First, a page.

PARIS — Europe’s Arianespace launch consortium will use a Vega small-satellite rocket to launch Peru’s high-resolution optical reconnaissance satellite in the first half of 2016 under a contract signed March 25 with Airbus Defence and Space, the satellite’s builder.
Airbus won the PeruSat-1 contract in April 2014 after a heated competition among European and Israeli satellite builders.
The 450-kilogram PeruSat-1, owned by Peru’s Ministry of Defense, will share a Vega launch with four 110-kilogram satellites for Skybox Imaging, now owned by Google. Skybox booked its Vega launch a week earlier.
Under the delivery-in-orbit contract, Airbus is responsible for the Peruvian satellite’s launch as well as its construction.
In a signing ceremony at the French Ministry of Foreign Affairs and International Development here, Peruvian Deputy Defense Minister Jakke Valakivi Alvarez said the contract features an elaborate partnership between the French and Peruvian governments.
As part of the arrangement, Airbus in the coming weeks will begin training between 40 and 50 Peruvian engineers in elements of satellite construction and satellite image analysis at its Toulouse, France, satellite facility. Airbus is also building an image analysis and processing center in Lima, where Peruvian staff starting late this year will begin real-world training by receiving imagery from Airbus’ current optical Earth observation satellites.
These include the Airbus-owned Spot 6 and Spot 7 medium-resolution satellites, and the two higher-resolution Pleiades satellites, which are owned by the French government but to which Airbus has a guaranteed access for commercial use.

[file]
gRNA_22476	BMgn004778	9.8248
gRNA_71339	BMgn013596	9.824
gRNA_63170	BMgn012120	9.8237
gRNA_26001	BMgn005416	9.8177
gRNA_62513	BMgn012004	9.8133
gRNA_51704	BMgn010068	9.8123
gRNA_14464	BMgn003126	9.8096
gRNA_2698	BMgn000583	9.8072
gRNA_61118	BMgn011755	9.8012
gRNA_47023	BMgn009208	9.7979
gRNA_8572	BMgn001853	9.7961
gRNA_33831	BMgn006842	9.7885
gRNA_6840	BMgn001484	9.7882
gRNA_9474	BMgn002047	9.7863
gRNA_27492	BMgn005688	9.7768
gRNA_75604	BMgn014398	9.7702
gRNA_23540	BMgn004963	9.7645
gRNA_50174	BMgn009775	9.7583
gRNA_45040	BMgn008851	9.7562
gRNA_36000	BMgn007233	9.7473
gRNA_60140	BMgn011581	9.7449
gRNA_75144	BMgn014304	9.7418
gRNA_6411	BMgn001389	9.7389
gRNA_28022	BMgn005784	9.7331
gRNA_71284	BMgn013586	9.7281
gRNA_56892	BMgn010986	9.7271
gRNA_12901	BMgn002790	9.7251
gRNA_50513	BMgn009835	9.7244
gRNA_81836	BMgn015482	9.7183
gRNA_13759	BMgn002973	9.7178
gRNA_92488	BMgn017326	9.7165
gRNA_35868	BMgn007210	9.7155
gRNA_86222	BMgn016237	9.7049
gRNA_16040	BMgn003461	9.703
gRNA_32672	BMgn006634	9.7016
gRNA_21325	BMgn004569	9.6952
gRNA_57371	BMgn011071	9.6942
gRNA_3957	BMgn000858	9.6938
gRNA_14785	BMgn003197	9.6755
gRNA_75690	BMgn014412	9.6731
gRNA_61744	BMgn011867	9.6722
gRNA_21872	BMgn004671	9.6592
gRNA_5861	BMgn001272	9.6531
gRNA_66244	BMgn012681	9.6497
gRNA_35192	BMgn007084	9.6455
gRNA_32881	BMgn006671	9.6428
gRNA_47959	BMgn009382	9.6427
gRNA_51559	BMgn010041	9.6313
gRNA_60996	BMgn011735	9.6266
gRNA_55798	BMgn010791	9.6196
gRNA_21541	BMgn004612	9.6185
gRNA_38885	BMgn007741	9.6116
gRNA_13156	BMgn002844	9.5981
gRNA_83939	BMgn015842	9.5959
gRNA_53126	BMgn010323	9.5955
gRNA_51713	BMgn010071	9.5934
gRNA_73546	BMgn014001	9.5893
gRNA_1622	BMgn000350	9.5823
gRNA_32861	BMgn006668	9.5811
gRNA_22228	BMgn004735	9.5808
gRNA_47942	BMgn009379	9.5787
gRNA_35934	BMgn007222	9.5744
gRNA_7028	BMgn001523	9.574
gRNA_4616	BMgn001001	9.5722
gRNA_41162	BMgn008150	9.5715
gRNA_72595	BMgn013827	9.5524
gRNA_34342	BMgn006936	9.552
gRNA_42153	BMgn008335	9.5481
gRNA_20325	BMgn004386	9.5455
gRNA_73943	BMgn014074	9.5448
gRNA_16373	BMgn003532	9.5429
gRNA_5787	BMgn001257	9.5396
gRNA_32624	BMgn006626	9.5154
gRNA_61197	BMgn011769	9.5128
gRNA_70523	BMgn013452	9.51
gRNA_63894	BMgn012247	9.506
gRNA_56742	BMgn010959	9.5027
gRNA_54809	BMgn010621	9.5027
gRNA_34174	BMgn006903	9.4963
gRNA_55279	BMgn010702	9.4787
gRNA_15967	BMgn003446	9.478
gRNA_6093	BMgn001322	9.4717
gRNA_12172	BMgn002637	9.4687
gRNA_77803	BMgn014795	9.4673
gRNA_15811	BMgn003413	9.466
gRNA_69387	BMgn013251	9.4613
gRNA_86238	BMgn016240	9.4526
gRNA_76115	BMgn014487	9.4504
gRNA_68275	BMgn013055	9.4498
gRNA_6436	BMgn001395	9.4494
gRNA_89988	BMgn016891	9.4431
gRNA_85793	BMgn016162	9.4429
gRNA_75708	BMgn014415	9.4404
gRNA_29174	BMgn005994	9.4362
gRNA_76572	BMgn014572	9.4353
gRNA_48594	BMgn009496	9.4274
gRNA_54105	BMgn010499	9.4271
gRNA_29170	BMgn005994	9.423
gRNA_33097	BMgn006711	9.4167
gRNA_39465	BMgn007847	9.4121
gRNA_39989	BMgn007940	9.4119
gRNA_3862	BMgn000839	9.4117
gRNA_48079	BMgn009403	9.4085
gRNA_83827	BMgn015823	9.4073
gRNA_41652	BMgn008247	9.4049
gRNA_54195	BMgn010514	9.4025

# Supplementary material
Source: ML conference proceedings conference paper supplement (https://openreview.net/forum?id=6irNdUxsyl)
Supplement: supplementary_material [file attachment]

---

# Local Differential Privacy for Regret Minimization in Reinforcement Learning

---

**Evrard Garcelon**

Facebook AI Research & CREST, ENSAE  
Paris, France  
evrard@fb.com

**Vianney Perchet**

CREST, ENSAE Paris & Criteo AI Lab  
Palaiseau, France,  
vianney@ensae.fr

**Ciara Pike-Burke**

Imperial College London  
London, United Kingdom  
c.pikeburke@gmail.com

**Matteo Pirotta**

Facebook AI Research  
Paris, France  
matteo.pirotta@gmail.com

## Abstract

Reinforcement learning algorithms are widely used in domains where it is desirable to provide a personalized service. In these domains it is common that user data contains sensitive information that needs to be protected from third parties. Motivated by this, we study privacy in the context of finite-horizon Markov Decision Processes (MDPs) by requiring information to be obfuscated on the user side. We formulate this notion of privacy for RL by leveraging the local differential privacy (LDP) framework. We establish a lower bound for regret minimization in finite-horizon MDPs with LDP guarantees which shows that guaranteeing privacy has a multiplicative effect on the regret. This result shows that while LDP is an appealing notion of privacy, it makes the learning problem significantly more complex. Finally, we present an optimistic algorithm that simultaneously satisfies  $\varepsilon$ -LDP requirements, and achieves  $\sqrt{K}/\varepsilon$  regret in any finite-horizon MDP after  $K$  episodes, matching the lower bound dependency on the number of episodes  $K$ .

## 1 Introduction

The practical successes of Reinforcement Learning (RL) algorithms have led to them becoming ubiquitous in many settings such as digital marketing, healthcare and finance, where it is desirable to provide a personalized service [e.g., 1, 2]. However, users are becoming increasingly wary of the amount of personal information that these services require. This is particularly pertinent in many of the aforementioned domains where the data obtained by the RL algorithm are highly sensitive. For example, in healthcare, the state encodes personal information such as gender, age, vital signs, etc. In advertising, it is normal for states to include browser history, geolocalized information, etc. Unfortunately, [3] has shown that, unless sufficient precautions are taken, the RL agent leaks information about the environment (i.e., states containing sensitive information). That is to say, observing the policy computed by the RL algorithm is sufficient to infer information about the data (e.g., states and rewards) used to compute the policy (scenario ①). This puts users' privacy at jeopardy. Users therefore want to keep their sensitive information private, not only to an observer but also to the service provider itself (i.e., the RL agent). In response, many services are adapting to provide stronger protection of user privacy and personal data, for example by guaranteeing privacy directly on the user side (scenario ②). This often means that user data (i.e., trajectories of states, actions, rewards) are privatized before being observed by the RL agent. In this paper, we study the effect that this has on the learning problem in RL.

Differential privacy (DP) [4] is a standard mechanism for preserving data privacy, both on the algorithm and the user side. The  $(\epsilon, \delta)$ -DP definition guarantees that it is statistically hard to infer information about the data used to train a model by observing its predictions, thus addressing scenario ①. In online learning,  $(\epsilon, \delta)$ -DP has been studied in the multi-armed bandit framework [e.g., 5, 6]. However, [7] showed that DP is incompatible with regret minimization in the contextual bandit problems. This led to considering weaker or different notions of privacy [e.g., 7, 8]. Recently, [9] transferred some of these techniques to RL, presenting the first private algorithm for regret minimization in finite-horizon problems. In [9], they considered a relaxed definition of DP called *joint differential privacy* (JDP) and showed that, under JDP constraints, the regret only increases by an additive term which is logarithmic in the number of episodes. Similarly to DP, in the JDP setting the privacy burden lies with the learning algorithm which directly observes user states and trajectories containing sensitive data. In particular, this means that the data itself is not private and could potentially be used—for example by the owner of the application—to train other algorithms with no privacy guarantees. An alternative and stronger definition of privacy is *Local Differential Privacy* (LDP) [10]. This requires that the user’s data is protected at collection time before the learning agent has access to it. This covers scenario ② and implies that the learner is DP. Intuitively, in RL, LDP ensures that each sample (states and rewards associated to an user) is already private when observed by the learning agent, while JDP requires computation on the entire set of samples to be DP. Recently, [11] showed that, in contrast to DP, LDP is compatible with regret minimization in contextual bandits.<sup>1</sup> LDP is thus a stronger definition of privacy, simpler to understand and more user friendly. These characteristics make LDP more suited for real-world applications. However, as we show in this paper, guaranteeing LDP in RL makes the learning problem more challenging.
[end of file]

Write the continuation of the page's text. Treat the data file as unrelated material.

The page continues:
The April 2014 signing of the contract, valued at 597 million Peruvian sols — now worth about $196 million — produced multiple protests from the losing bidders, some alleging that the Franco-Peruvian government agreement trumped a balanced analysis of the other bidders’ technical strengths.
Alvarez said that while the political agreement with France is central to the PeruSat-1 program, this aspect was decided only after a technical evaluation of the various bids, including a detailed points system in which Airbus came out the winner.
“It was first a technical evaluation and then we looked at the rest after that,” Alvarez said in an interview. “It then became part of a government-to-government agreement. Our minister was obliged to visit our parliament seven times on this subject, to persuade legislators that Airbus was the right choice, and that the price and technology were what we needed. They finally accepted that this was the right way to proceed.”
Arianespace Chief Executive Stephane Israel said that of the 12 Vega rockets that Arianespace has ordered from prime contractor ELV of Italy, 11 have been booked with customers.
Vega is currently operating at a rhythm of three launches per year, a rate Arianespace would like to increase, both because of a favorable demand environment and because an increased cadence will make it easier for ELV to cut its costs.